A UC Riverside researcher says the Occupy Wall Street movement has expanded to
nearly 30 percent of the state's municipalities in the past few months, based
on a survey of Facebook pages.
Sociology professor Christopher Chase-Dunn said he and graduate student Michaela Curran-Strange reviewed Occupy pages on Facebook between Dec. 1 and 8 and found that out of the state's 482 municipalities, 143 had such pages affiliated with them, including Occupy organizations in Riverside, San Bernardino, Redlands and other Inland cities.
Chase-Dunn, who has studied other sociological issues in the state and the dynamic between its northern and southern sections, said he was most intrigued by how evenly split interest in the Occupy movement seemed to be. Since the northern part of the state is often perceived as more progressive, he anticipated greater activity there.
"For this movement, that doesn't seem to be the case," Chase-Dunn said. "It was about the same number (70 in the north, 73 in the south), which surprised me."
What also caught his attention was the rapidity with which the movement spread and the places in which it grabbed a foothold.
"This thing is in places you would never expect, quite frankly," he said, noting that Coachella Valley established an Occupy page on Oct. 2, a little more than two weeks after the Wall Street organizers began camping out in Zuccotti Park in New York.
Of course, some Occupy groups were more significant than others. Occupy Yreka consisted of a single individual.
The groups often evolved, and Chase-Dunn said he hopes to examine more.
"What we don't have is a change over time," he said. "That would be interesting. The only time element we (looked at) was when was the thing established and how much traffic there was on the Facebook site and how many 'likes' there are."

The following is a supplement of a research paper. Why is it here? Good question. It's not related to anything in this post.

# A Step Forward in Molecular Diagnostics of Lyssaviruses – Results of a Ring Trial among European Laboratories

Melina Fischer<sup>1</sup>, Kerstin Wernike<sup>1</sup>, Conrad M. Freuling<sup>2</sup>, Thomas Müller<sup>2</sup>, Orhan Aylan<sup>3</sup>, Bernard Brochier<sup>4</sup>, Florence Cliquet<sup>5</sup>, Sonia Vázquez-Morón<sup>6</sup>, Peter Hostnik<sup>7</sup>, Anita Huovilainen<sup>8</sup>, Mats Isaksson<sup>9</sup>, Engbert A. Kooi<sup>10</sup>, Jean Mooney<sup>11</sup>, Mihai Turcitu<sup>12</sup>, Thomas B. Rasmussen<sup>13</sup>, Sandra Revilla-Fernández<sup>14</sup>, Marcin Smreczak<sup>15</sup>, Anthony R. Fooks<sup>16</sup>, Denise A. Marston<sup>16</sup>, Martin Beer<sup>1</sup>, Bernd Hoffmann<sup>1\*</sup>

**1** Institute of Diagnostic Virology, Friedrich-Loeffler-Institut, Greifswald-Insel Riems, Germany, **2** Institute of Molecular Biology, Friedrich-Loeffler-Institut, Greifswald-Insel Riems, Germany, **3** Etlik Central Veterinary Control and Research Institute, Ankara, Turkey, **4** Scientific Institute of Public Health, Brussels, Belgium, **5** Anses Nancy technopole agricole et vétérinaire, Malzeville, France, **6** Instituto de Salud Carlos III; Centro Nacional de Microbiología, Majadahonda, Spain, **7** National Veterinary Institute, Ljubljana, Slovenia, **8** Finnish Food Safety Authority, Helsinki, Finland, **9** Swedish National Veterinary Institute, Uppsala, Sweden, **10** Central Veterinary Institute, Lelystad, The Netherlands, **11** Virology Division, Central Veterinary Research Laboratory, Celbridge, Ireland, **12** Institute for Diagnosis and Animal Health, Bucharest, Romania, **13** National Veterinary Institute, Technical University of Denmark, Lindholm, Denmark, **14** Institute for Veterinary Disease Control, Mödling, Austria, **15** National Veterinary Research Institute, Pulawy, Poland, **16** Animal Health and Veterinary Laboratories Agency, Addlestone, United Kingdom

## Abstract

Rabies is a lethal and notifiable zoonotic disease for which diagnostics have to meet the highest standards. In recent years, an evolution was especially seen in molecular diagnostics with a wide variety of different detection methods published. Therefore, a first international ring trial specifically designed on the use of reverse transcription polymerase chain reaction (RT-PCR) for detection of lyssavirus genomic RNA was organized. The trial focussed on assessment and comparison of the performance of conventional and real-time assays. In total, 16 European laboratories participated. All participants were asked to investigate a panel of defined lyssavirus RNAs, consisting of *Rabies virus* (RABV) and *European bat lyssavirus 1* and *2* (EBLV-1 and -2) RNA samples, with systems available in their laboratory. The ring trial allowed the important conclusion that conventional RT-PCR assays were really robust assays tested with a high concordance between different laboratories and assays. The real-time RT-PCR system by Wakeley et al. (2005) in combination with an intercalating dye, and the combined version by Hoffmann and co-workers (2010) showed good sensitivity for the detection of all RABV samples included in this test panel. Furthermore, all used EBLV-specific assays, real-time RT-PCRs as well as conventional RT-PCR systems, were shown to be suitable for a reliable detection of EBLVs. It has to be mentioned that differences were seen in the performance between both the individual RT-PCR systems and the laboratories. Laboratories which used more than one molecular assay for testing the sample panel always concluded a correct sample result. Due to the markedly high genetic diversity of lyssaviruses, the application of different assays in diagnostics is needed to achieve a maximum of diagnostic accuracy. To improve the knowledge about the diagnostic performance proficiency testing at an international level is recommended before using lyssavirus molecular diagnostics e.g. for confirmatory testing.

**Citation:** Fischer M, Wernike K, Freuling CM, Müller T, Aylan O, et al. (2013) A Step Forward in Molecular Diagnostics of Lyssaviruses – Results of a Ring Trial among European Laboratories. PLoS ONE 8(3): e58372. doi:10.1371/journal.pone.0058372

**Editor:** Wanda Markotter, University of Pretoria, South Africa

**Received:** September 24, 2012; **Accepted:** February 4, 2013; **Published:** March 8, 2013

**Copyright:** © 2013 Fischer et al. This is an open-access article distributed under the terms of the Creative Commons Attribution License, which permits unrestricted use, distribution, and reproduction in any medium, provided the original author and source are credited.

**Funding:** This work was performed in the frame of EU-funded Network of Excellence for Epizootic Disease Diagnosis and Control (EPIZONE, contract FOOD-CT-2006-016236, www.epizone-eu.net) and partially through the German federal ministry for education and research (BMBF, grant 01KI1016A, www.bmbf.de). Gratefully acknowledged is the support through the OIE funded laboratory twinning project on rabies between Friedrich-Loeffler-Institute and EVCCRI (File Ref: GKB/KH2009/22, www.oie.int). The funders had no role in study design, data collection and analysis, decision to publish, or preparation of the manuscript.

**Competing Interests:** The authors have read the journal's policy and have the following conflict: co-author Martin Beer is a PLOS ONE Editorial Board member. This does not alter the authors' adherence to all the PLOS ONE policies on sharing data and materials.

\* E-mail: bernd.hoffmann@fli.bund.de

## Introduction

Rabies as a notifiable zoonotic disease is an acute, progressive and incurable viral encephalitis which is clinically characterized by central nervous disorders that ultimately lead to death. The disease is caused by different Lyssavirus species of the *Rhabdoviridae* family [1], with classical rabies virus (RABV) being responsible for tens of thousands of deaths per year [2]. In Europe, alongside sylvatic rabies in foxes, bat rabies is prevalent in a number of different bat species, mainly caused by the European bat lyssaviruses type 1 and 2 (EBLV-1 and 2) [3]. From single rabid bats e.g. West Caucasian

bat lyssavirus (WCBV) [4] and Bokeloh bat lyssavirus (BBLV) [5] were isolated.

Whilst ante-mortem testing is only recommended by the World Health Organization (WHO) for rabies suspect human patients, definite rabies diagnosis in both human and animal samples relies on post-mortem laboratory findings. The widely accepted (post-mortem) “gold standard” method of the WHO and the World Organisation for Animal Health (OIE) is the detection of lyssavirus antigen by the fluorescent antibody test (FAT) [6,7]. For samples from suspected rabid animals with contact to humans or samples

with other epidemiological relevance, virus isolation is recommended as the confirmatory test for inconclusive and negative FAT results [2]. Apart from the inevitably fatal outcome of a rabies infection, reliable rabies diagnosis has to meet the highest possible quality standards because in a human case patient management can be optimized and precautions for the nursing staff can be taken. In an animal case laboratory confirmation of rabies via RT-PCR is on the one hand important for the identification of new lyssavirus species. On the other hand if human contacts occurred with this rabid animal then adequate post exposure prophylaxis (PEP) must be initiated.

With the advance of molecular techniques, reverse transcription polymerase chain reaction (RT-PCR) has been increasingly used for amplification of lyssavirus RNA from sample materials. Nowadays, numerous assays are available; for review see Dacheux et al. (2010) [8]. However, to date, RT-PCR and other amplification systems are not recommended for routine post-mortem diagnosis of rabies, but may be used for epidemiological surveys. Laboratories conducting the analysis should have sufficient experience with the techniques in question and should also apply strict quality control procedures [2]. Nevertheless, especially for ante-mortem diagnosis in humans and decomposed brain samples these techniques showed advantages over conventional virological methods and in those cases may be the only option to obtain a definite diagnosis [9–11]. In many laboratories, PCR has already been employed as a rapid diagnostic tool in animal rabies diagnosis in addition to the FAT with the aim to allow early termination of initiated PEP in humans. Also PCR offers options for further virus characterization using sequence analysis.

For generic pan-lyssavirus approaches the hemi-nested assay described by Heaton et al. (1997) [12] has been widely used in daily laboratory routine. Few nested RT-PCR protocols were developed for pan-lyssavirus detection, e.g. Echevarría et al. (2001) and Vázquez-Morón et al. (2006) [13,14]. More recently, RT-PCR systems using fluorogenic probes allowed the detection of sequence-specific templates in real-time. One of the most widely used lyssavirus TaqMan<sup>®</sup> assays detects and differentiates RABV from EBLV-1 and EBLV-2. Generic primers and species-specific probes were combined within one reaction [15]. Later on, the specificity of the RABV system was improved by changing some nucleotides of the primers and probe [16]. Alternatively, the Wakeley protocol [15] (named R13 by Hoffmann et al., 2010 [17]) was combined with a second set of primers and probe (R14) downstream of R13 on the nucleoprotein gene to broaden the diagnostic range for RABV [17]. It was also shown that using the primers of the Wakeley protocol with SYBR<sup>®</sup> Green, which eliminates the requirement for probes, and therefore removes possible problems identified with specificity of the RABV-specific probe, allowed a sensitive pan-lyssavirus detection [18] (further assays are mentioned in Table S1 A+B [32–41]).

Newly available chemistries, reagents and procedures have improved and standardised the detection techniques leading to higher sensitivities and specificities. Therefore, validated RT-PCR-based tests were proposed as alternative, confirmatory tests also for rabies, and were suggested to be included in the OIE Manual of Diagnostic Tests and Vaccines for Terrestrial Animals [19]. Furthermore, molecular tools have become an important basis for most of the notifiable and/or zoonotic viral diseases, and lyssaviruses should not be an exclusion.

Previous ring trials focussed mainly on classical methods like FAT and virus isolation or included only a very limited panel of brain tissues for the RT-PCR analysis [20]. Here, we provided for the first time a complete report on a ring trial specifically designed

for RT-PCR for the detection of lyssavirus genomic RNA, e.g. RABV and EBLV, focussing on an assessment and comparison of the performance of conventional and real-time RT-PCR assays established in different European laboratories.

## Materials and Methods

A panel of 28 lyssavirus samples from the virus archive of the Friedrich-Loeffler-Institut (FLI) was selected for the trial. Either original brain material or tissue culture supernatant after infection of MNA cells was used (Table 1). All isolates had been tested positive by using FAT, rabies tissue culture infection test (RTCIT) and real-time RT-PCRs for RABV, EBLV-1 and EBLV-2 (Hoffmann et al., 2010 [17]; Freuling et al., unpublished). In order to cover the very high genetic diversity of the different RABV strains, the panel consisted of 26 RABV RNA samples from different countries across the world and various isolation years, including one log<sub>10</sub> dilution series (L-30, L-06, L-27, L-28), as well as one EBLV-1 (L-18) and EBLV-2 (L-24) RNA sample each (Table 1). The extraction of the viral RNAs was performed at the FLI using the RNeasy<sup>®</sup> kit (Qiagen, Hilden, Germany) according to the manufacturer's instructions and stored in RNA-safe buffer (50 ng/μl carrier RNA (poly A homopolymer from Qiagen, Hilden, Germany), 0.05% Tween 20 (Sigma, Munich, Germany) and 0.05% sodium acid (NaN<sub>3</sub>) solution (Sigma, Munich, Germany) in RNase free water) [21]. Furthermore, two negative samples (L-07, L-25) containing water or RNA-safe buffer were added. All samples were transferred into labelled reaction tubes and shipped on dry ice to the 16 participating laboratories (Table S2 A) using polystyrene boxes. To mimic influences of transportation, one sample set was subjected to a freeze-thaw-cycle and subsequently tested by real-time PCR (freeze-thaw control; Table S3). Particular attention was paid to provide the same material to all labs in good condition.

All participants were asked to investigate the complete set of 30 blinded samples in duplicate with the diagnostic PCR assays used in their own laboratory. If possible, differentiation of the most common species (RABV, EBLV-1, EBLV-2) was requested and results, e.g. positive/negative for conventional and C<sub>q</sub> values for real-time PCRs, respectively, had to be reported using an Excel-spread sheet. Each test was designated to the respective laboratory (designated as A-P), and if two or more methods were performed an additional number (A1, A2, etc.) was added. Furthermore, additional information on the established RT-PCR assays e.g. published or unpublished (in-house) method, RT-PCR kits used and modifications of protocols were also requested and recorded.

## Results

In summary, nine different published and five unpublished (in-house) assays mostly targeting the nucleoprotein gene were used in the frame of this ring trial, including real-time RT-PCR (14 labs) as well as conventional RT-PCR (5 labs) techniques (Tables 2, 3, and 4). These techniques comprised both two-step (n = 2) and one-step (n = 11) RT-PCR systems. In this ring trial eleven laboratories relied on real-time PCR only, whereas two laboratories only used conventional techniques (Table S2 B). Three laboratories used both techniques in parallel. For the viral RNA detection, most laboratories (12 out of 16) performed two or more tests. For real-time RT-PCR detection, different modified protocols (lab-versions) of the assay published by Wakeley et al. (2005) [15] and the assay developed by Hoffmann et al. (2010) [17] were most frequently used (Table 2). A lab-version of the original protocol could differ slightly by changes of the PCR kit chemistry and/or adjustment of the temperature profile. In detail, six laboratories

He did notice that, while many sites shared the primary concern of economic inequality when they were established, they often began incorporating other local issues onto their pages.
He also noted changes in attitudes toward the groups, particularly Occupy Riverside, in which he participated for awhile.
"There's been a lot of support for this movement," he said. "But people get tired of their downtown being disrupted and the pressure is on to do something about it. In Riverside, the City Council was originally friendly to it and relations with the police were good. Later, when (the police) got orders from above to move everybody out, it got nasty."
Chase-Dunn sees the Occupy movement as an outgrowth of the Arab Spring.
"It has its own unique qualities but some of those qualities were taken from what happened this summer in Greece and Spain. The European summer got it from the Arab Spring. The causes are a little different but they're also similar. It's basically (concerned with) growing inequality and austerity measures."
But he thinks the movement is relevant.
"It's changed the discourse in American politics," he said. In the coming presidential election, he added, "this could make a big difference."
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